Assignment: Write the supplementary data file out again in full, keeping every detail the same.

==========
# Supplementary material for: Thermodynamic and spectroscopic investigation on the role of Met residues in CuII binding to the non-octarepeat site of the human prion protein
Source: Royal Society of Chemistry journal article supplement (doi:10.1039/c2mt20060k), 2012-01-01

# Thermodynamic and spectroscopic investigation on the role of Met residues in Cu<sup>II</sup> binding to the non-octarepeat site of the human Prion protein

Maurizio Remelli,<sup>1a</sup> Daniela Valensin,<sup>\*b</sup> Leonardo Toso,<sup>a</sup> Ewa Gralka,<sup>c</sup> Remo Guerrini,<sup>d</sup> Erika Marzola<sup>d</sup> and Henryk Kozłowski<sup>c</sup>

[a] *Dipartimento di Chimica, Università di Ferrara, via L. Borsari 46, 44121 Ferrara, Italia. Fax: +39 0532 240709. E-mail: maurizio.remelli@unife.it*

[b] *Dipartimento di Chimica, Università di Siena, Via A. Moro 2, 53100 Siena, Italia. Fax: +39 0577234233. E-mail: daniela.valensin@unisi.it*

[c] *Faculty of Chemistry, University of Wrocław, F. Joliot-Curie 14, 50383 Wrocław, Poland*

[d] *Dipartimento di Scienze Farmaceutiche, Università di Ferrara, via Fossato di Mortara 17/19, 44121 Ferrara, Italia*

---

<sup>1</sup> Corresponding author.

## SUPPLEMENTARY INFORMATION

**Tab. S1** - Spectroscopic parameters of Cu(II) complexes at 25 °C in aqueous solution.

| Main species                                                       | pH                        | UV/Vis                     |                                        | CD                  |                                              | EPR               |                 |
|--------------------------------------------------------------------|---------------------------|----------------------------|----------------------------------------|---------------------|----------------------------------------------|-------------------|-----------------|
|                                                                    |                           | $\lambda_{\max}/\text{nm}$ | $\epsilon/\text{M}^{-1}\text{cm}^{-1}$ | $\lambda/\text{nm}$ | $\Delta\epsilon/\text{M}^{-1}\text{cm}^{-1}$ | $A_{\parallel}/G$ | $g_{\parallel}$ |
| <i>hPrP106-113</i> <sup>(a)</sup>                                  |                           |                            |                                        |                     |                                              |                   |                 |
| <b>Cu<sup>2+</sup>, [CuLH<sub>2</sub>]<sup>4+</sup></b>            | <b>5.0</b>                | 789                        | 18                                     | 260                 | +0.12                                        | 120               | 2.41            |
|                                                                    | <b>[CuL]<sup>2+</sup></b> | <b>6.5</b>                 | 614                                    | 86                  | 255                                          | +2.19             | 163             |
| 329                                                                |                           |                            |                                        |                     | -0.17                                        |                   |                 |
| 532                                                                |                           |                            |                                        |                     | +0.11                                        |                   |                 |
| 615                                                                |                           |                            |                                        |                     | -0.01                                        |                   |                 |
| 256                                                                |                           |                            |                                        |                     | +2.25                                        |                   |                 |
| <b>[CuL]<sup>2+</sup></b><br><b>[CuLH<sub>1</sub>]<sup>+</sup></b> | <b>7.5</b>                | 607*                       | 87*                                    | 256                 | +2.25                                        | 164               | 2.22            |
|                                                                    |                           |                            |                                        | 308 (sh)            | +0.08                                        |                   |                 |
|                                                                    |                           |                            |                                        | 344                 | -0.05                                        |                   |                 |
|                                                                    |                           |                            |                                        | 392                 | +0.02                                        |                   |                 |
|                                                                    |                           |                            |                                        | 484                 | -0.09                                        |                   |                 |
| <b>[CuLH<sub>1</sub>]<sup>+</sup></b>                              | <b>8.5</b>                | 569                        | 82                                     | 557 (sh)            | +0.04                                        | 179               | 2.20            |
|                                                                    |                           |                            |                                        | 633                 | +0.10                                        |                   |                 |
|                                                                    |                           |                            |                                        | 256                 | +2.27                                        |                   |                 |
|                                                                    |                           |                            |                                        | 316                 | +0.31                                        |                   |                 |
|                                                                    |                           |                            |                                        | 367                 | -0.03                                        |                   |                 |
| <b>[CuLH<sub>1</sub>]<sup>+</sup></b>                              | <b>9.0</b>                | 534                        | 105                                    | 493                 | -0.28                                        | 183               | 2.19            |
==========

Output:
# Supplementary material for: Thermodynamic and spectroscopic investigation on the role of Met residues in CuII binding to the non-octarepeat site of the human prion protein
Source: Royal Society of Chemistry journal article supplement (doi:10.1039/c2mt20060k), 2012-01-01

# Thermodynamic and spectroscopic investigation on the role of Met residues in Cu<sup>II</sup> binding to the non-octarepeat site of the human Prion protein

Maurizio Remelli,<sup>1a</sup> Daniela Valensin,<sup>\*b</sup> Leonardo Toso,<sup>a</sup> Ewa Gralka,<sup>c</sup> Remo Guerrini,<sup>d</sup> Erika Marzola<sup>d</sup> and Henryk Kozłowski<sup>c</sup>

[a] *Dipartimento di Chimica, Università di Ferrara, via L. Borsari 46, 44121 Ferrara, Italia. Fax: +39 0532 240709. E-mail: maurizio.remelli@unife.it*

[b] *Dipartimento di Chimica, Università di Siena, Via A. Moro 2, 53100 Siena, Italia. Fax: +39 0577234233. E-mail: daniela.valensin@unisi.it*

[c] *Faculty of Chemistry, University of Wrocław, F. Joliot-Curie 14, 50383 Wrocław, Poland*

[d] *Dipartimento di Scienze Farmaceutiche, Università di Ferrara, via Fossato di Mortara 17/19, 44121 Ferrara, Italia*

---

<sup>1</sup> Corresponding author.

## SUPPLEMENTARY INFORMATION

**Tab. S1** - Spectroscopic parameters of Cu(II) complexes at 25 °C in aqueous solution.

| Main species                                                       | pH                        | UV/Vis                     |                                        | CD                  |                                              | EPR               |                 |
|--------------------------------------------------------------------|---------------------------|----------------------------|----------------------------------------|---------------------|----------------------------------------------|-------------------|-----------------|
|                                                                    |                           | $\lambda_{\max}/\text{nm}$ | $\epsilon/\text{M}^{-1}\text{cm}^{-1}$ | $\lambda/\text{nm}$ | $\Delta\epsilon/\text{M}^{-1}\text{cm}^{-1}$ | $A_{\parallel}/G$ | $g_{\parallel}$ |
| <i>hPrP106-113</i> <sup>(a)</sup>                                  |                           |                            |                                        |                     |                                              |                   |                 |
| <b>Cu<sup>2+</sup>, [CuLH<sub>2</sub>]<sup>4+</sup></b>            | <b>5.0</b>                | 789                        | 18                                     | 260                 | +0.12                                        | 120               | 2.41            |
|                                                                    | <b>[CuL]<sup>2+</sup></b> | <b>6.5</b>                 | 614                                    | 86                  | 255                                          | +2.19             | 163             |
| 329                                                                |                           |                            |                                        |                     | -0.17                                        |                   |                 |
| 532                                                                |                           |                            |                                        |                     | +0.11                                        |                   |                 |
| 615                                                                |                           |                            |                                        |                     | -0.01                                        |                   |                 |
| 256                                                                |                           |                            |                                        |                     | +2.25                                        |                   |                 |
| <b>[CuL]<sup>2+</sup></b><br><b>[CuLH<sub>1</sub>]<sup>+</sup></b> | <b>7.5</b>                | 607*                       | 87*                                    | 256                 | +2.25                                        | 164               | 2.22            |
|                                                                    |                           |                            |                                        | 308 (sh)            | +0.08                                        |                   |                 |
|                                                                    |                           |                            |                                        | 344                 | -0.05                                        |                   |                 |
|                                                                    |                           |                            |                                        | 392                 | +0.02                                        |                   |                 |
|                                                                    |                           |                            |                                        | 484                 | -0.09                                        |                   |                 |
| <b>[CuLH<sub>1</sub>]<sup>+</sup></b>                              | <b>8.5</b>                | 569                        | 82                                     | 557 (sh)            | +0.04                                        | 179               | 2.20            |
|                                                                    |                           |                            |                                        | 633                 | +0.10                                        |                   |                 |
|                                                                    |                           |                            |                                        | 256                 | +2.27                                        |                   |                 |
|                                                                    |                           |                            |                                        | 316                 | +0.31                                        |                   |                 |
|                                                                    |                           |                            |                                        | 367                 | -0.03                                        |                   |                 |
| <b>[CuLH<sub>1</sub>]<sup>+</sup></b>                              | <b>9.0</b>                | 534                        | 105                                    | 493                 | -0.28                                        | 183               | 2.19            |